Artists-in-Residence: An Interview with Round Lemon
Round Lemon is a Midlands-based community arts organisation that provides opportunities and resources for emerging creatives. The group, made up of Andreea Pislaru, Bethan Jayne and Carmela Vienna, is the first collective Bruntwood has welcomed to the Artists-in-Residence programme, in partnership with Grand Union.
Having worked on some exciting projects recently, including Arts Council Collection’s ‘Reclaiming Our Cities’, as well as running their own online gallery, blog and in-person events, Round Lemon is on the up-and-up!
Here, we meet the team and find out more about each of their individual artistic practices, why they work together so well, and what they hope to get out of the residency.
How did you find the application process?
Carmela: It was really straightforward. With other arts applications, it’s really rigid and they want ‘X, Y and Z’. Whereas with this, they just asked for a PDF of a proposal, and you could do whatever you wanted with that. So that enabled a level of creativity where you could get your authentic sense of self in there.
Bethan: It felt really flexible as well. We had ideas at the time, but a lot has changed for us as a group since that time. We’ve all taken on different jobs, etc. So we’re happy that it is a fluid process because it happens across a year; and things are going to change in that year. So it’s good that we haven’t had to stick to our original plan, and we’ve been able to veer off and do something that feels right for us now.
As individuals, how did each of you become involved in the collective and what are you looking for from the residency?
Andreea: My practice is a bit all over the place. I used to do a bit of photography, a bit of video. But now that I’m doing a Masters, I wanted to do things that I’ve not had the chance to do before, like working with different materials. Mainly because, during my undergrad, I couldn’t afford new materials, and I didn’t have access to creative facilities because of lockdown. Now, I really want to do sculpture. I’m interested in the human body, the textures and colours and I work with hair a bit, too.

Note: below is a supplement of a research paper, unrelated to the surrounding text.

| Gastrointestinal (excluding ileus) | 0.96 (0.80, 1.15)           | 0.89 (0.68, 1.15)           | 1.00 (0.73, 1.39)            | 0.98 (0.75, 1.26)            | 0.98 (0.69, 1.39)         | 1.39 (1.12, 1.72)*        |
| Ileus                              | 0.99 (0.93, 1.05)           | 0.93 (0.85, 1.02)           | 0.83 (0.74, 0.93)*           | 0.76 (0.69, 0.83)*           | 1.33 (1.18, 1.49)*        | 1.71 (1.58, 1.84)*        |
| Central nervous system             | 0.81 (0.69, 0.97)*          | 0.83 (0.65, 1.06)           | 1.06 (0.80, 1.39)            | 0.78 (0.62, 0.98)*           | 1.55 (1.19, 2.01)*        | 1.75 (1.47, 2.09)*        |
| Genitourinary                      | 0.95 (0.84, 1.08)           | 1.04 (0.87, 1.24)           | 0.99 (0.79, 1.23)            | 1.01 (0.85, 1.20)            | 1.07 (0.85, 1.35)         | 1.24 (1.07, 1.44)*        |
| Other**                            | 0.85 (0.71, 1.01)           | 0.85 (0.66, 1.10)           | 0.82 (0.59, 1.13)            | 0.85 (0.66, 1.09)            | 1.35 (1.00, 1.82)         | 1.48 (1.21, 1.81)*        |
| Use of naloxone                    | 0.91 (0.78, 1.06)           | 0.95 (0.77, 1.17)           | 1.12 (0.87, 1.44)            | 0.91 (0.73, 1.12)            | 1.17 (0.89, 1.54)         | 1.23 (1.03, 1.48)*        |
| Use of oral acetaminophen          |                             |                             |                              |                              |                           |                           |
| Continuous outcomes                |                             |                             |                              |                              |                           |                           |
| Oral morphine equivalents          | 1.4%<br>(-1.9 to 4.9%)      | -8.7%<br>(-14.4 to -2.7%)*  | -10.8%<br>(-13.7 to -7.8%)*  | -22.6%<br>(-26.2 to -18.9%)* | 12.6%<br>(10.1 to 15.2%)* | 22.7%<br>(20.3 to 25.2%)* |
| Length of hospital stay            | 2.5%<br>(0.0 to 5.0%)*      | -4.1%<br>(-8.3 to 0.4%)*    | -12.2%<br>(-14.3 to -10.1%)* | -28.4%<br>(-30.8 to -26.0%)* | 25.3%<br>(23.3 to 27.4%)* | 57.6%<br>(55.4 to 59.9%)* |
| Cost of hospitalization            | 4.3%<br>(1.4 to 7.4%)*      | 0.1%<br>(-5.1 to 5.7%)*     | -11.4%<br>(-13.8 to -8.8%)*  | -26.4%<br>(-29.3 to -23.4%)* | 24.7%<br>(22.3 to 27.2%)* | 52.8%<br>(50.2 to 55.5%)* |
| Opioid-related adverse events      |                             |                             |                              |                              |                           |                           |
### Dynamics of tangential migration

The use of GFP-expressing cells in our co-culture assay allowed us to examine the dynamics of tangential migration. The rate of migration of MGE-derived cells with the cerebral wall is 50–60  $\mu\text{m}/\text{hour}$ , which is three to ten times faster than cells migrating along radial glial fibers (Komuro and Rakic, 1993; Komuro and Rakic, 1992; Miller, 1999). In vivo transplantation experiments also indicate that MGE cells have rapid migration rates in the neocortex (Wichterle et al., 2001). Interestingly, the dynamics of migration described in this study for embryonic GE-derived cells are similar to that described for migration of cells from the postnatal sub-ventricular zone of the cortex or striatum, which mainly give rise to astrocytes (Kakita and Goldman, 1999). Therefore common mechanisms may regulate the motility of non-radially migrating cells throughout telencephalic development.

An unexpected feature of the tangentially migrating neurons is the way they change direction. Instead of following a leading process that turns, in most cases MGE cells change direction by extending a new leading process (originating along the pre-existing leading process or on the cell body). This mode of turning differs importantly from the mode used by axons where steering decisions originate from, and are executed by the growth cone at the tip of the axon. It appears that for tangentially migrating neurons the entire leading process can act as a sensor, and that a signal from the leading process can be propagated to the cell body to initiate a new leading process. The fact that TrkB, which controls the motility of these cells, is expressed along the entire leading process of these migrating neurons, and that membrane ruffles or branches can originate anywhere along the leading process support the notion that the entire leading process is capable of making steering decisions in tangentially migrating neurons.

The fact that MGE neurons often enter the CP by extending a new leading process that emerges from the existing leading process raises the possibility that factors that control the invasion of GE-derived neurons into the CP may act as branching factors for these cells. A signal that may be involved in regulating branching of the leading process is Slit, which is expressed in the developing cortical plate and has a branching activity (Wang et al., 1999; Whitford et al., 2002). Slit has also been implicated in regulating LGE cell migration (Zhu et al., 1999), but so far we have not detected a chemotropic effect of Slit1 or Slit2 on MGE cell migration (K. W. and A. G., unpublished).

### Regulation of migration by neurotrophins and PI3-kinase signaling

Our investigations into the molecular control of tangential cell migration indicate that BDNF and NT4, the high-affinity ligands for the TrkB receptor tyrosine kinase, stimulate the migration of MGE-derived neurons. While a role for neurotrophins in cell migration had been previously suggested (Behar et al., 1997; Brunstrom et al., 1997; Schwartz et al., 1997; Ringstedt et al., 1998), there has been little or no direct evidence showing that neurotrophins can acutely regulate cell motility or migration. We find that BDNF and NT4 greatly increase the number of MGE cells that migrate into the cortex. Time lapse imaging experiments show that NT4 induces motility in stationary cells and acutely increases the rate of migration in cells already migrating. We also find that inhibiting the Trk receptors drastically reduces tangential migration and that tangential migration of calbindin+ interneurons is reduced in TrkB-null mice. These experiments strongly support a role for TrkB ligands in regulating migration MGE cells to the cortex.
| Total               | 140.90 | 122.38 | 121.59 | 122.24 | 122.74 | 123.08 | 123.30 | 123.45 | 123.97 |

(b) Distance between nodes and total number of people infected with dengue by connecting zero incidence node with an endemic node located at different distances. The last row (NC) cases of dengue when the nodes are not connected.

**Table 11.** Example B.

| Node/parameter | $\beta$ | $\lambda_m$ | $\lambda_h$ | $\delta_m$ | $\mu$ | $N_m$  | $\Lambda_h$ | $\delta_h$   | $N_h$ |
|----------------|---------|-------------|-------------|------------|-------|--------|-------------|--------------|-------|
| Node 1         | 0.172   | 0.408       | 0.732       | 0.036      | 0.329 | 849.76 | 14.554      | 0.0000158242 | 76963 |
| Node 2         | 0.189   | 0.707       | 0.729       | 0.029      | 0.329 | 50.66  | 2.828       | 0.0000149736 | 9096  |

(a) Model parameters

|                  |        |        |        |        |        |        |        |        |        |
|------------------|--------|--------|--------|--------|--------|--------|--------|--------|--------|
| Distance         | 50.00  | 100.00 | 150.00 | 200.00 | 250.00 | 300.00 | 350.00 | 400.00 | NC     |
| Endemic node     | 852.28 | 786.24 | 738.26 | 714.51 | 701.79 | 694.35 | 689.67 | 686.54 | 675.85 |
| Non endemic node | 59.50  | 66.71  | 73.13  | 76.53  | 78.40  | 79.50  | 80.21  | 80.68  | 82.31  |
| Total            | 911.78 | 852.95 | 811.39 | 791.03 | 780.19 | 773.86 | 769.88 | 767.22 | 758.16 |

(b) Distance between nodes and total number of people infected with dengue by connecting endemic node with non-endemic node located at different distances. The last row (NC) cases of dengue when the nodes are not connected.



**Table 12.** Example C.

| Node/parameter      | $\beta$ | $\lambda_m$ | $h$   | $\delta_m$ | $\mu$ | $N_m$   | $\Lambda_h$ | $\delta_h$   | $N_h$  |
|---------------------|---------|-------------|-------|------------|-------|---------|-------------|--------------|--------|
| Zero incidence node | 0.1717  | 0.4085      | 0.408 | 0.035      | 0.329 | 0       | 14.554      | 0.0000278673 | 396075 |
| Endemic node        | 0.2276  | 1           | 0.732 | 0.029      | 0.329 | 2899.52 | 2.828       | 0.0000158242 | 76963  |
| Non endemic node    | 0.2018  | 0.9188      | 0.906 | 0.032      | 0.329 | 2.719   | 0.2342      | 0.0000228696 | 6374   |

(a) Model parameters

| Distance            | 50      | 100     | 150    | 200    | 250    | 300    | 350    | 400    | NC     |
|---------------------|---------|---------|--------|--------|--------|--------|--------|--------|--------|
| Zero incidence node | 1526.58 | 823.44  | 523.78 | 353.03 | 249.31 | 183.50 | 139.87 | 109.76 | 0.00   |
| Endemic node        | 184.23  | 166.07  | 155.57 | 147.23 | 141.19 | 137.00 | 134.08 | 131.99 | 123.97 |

Bethan: As an individual, I mainly do creative paintings. That’s normally what I gravitate towards the most. Carmela describes my practice better than I can, as ‘speculative storytelling’. I take these (very true) life stories and make these paintings out of them. Kind of just exploring having work that doesn’t have a deep meaning to it, but with viewers looking at the work and taking what they want from it. Sometimes, I branch into performance and sculpture, but mostly painting. Then, within Round Lemon, I’m a co-director but mostly involved with social media, outreach and community-building.
Carmela: Since I left uni, I haven’t really been making any artwork at all. But when I was studying, it was kind of materials-focused. I’d find things off the floor in the street, and bring it all in a pile, and just make stuff from what I found on the floor. I think I did that because, with student life, you can’t always afford the materials. But also partly because it allows more space for intuition and chance, and you don’t have to plan anything. So I was really into that at university, and I’d be keen to dip in and out of that in this residency. Because what you need to make that kind of thing work is the space and the materials, which I just couldn’t have when I didn’t have a studio. Recently though, I’ve been focusing more online on the blog space. And I’ve been working with 40+ writers from across the UK and internationally, developing articles and content to go on the blog space, and writing is something I really enjoy myself; I’ve been doing a lot of that. And these have all been through open calls where people have come to us. We’ve made some great connections through that. And some of the writers that contribute to the blog, then connect with the artists that Andreea deals with on the exhibition side of things, to create interviews etc. So there’s a network of collaborators emerging through it, which is great.
How did you all come up with the idea of the collective?